Using Frame Objects to extract information from the screen
In this tutorial we’ll learn how to use Frame Objects to extract information
from the screen. A Frame Object is a class that extracts information from a
frame of video, typically by calling
stbt.match. All your
testcases then use these objects, instead of calling
directly. A Frame Object translates from the vocabulary of low-level image
processing functions to the vocabulary of high-level features and user-facing
I’ll step you through the workflow I use to develop a Frame Object:
- Save screenshots under
- Implement a stbt.FrameObject subclass that extracts the required information from a frame of video.
- Test your Python code with
./stbt-docker stbt lint.
- Test your Frame Objects against your screenshots with
./stbt-docker stbt auto-selftest generate.
- Commit your code, screenshots, and the generated selftests to git.
./stbt-docker stbt auto-selftest generatewhenever you change test code or when you add new screenshots.
Start with a screenshot
Similarly to the previous tutorial, we’ll be looking at the Roku’s main menu. I’m using a Roku set-top box as my device-under-test, but the concepts in this tutorial apply to any device.
The first step is to save a screenshot from the device-under-test into
selftest/screenshots/ in your test-pack. Give the file a descriptive name,
not just “screenshot.png”. You can create subdirectories to organise your
screenshots. Here I’ve saved a screenshot of the Roku’s main menu as
Extracting information from the screen with a Frame Object
I want to know which menu item is currently selected. We can extract that information by running stbt.ocr on the region where the current selection (highlight) is.
Here is the implementation of my
main_menu.Selection Frame Object. It
represents the current selection of the Roku’s main menu. A
instance takes a single frame of video; it has properties (such as
extract information about the menu selection in that frame.
from stbt import FrameObject, match, MatchParameters, ocr, Region class Selection(FrameObject): @property def is_visible(self): mp = MatchParameters(confirm_method="none") return bool(match("menu-selection.png", frame=self._frame, match_parametes=mp)) @property def text(self): return ocr(frame=self._frame, region=Region(x=120, y=164, right=470, bottom=200))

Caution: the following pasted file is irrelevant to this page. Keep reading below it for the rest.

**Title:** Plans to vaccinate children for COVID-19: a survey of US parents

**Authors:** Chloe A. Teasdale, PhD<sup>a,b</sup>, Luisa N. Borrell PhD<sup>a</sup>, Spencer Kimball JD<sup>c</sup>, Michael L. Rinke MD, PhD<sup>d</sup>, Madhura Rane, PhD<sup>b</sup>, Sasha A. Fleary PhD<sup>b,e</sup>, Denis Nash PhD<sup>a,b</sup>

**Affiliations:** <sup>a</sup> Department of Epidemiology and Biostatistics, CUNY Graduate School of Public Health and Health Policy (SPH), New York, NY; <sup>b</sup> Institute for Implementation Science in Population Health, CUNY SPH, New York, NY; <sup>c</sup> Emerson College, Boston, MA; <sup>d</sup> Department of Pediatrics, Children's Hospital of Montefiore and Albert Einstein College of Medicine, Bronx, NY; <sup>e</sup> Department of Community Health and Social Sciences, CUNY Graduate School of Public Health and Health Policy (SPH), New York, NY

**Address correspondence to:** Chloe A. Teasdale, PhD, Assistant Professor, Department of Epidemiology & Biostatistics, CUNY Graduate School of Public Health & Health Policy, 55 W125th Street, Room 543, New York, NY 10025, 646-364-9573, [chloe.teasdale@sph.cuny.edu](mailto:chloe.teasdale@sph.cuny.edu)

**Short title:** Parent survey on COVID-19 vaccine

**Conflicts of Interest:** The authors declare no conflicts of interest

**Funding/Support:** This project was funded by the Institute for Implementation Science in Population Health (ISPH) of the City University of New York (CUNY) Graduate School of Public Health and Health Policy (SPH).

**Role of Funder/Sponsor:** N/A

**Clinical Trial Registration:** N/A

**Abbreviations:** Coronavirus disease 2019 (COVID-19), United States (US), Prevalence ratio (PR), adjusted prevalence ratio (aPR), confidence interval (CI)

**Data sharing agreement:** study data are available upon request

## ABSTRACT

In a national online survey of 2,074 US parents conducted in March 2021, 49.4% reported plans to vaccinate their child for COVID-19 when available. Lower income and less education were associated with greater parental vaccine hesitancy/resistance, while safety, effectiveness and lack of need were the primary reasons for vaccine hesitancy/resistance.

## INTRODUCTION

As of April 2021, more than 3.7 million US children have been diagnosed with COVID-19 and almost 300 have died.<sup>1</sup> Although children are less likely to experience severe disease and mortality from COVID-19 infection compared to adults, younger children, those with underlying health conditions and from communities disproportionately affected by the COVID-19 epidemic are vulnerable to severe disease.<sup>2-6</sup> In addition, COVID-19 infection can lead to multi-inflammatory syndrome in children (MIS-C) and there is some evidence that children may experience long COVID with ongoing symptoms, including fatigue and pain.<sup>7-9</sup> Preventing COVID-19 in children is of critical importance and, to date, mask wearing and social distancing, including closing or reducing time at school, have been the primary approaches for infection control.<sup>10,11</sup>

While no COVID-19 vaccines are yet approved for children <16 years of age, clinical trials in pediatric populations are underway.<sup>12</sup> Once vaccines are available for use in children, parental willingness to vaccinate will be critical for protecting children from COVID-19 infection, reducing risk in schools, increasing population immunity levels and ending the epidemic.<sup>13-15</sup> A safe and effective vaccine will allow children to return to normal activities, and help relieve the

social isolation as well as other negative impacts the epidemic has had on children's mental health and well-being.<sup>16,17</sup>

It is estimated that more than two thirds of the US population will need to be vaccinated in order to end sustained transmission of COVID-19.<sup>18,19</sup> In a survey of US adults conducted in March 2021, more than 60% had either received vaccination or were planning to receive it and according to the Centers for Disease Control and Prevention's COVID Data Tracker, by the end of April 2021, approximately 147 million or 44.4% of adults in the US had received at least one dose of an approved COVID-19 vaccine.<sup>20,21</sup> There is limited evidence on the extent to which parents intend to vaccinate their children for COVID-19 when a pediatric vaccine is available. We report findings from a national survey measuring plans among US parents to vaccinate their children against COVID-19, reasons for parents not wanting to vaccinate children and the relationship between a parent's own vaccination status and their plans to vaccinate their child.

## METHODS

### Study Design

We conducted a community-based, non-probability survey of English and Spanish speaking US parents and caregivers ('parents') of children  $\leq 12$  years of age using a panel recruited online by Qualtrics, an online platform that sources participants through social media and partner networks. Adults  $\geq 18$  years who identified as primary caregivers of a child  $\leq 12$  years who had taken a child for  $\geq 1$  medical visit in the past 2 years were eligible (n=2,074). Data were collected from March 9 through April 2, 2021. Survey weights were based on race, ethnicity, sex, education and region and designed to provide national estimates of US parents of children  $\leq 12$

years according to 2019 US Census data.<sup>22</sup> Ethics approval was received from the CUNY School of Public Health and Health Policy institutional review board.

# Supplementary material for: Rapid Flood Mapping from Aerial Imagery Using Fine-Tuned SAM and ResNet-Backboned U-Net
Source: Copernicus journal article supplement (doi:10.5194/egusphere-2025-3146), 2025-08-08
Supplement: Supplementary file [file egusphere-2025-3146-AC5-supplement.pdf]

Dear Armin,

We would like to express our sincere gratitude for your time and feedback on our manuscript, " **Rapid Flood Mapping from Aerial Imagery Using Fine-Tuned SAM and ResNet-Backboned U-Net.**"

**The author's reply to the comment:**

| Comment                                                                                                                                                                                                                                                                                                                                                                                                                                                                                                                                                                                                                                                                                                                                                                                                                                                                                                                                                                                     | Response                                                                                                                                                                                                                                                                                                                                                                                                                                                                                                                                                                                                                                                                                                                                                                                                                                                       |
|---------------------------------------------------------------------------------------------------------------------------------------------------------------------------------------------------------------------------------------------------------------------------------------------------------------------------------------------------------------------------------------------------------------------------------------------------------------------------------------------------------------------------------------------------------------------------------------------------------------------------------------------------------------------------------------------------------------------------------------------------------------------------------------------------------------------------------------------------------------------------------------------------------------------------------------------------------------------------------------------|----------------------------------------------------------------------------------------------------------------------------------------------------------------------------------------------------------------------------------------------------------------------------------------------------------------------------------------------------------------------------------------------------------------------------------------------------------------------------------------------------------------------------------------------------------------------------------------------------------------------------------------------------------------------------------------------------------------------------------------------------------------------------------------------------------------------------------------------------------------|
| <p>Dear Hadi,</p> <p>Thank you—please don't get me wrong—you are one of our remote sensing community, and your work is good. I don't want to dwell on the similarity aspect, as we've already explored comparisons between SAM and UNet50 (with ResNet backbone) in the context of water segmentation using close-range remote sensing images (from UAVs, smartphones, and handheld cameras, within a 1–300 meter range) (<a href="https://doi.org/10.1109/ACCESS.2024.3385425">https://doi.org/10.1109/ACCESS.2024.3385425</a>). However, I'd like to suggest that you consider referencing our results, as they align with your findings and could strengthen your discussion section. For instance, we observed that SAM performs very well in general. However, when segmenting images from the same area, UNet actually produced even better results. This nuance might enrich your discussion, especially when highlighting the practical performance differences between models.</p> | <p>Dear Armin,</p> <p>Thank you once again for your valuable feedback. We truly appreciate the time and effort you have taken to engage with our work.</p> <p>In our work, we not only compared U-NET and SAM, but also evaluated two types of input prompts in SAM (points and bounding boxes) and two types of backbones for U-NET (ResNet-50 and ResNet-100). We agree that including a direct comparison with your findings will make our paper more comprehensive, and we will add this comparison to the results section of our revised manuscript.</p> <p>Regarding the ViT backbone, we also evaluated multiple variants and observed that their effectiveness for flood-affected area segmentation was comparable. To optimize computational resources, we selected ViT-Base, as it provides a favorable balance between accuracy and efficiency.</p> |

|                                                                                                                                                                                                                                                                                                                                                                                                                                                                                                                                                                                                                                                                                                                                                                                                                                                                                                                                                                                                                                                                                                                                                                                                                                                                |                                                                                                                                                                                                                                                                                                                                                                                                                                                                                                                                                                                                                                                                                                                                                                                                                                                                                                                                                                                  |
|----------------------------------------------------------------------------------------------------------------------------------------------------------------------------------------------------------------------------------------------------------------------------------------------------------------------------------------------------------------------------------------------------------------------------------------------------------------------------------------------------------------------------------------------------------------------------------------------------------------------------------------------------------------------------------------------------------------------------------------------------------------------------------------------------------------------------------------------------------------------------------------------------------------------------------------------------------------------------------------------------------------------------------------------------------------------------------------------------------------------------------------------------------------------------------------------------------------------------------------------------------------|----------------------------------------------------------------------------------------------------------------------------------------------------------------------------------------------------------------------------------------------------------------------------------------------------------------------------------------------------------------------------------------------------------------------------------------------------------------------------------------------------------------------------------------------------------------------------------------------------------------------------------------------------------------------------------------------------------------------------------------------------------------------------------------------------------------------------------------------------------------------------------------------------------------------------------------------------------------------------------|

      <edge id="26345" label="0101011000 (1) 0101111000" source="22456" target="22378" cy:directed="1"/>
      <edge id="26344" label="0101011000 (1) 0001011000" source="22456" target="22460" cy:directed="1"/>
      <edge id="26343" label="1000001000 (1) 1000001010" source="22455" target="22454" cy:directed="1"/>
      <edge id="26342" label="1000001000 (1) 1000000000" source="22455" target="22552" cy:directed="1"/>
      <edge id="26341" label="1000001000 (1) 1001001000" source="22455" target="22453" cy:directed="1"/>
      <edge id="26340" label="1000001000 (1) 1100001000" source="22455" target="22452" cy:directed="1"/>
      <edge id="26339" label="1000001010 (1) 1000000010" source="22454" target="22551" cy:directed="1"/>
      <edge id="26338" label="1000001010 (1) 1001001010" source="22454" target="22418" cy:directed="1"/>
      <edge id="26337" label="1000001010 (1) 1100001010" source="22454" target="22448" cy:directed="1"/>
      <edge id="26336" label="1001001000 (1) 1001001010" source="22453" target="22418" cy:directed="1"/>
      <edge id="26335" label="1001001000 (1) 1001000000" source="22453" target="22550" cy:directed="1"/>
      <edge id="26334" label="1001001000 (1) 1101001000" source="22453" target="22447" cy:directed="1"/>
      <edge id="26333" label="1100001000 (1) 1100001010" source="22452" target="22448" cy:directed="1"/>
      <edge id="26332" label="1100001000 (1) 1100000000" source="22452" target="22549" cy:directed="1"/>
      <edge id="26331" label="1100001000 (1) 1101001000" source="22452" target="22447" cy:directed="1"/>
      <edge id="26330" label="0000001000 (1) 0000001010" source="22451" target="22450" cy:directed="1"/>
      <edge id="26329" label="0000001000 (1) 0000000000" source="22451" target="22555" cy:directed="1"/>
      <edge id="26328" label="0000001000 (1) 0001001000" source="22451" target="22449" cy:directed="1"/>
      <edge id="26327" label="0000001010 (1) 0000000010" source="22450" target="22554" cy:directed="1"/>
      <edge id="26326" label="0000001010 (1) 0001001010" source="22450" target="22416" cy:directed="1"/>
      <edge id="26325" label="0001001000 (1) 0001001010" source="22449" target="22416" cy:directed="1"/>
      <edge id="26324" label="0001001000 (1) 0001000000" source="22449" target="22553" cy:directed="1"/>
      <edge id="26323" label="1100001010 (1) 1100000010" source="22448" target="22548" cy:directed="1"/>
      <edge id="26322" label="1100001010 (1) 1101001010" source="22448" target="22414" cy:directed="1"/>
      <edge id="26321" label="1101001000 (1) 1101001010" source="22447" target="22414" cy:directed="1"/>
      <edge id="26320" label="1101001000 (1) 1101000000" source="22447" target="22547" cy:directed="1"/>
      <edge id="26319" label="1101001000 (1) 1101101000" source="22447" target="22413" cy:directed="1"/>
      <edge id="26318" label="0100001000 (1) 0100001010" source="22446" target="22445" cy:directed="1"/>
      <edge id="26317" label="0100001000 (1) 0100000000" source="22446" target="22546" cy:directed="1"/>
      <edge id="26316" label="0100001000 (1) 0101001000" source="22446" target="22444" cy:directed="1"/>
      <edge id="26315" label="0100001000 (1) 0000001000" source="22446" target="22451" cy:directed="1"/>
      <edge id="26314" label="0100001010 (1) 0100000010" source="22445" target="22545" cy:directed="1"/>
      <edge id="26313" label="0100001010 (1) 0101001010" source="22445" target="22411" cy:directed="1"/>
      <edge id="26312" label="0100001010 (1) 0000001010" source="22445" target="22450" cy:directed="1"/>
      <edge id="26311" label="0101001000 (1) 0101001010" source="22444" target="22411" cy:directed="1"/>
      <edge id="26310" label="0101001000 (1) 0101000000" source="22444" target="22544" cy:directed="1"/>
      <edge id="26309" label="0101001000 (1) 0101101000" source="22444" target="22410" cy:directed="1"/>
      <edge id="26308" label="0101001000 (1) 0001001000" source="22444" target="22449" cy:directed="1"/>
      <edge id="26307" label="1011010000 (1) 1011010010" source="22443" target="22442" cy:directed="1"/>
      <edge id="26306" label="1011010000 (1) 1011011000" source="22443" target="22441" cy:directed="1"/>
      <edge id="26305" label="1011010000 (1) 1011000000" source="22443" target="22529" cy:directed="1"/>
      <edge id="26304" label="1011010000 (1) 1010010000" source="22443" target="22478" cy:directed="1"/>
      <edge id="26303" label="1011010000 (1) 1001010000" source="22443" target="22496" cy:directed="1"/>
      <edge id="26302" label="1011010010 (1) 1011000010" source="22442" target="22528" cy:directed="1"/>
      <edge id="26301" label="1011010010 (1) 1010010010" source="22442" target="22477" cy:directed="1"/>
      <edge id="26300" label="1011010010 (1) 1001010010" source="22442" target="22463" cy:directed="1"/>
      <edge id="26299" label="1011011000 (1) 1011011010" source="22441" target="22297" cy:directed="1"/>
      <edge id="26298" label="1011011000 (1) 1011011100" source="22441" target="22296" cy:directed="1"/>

Let’s walk through this class line by line:
Our class inherits from
stbt.FrameObject. This means that our class takes a
frame of video when it is constructed, and it automatically behaves in certain
ways (we’ll see some of that behaviour below).
@property def is_visible(self): mp = MatchParameters(confirm_method="none") return bool(match("menu-selection.png", frame=self._frame, match_parametes=mp))
Every Frame Object must define a property called
is_visible. It should return
True or False. This
Selection Frame Object should be considered visible if
the Roku’s main menu is visible on screen. Here we are checking that the menu
selection (highlight) is visible (see the
previous tutorial for details on the reference
image and the match parameters we’ve used here).
Note that when we call
match, we pass in
frame=self._frame. This is very
important! It means that the match is performed on the frame that we attached
to our Frame Object when we created it.
A Frame Object is considered truthy if
is_visible is True. For example, if we
have an object
s that is an instance of our
s = Selection()
…then the following two
if statements are equivalent:
if s.is_visible: # do something
if s: # do something
Now let’s look at the
text property. It tells us which menu item is currently
selected, by using stbt.ocr:
@property def text(self): return ocr(frame=self._frame, region=Region(x=120, y=164, right=470, bottom=200))
The Roku’s main menu uses “fixed focus” – as you scroll up or down, the menu
text moves but the selection stays in the same place. So I’ve just hard-coded
the Region where the selection always is. If your menu’s selection moves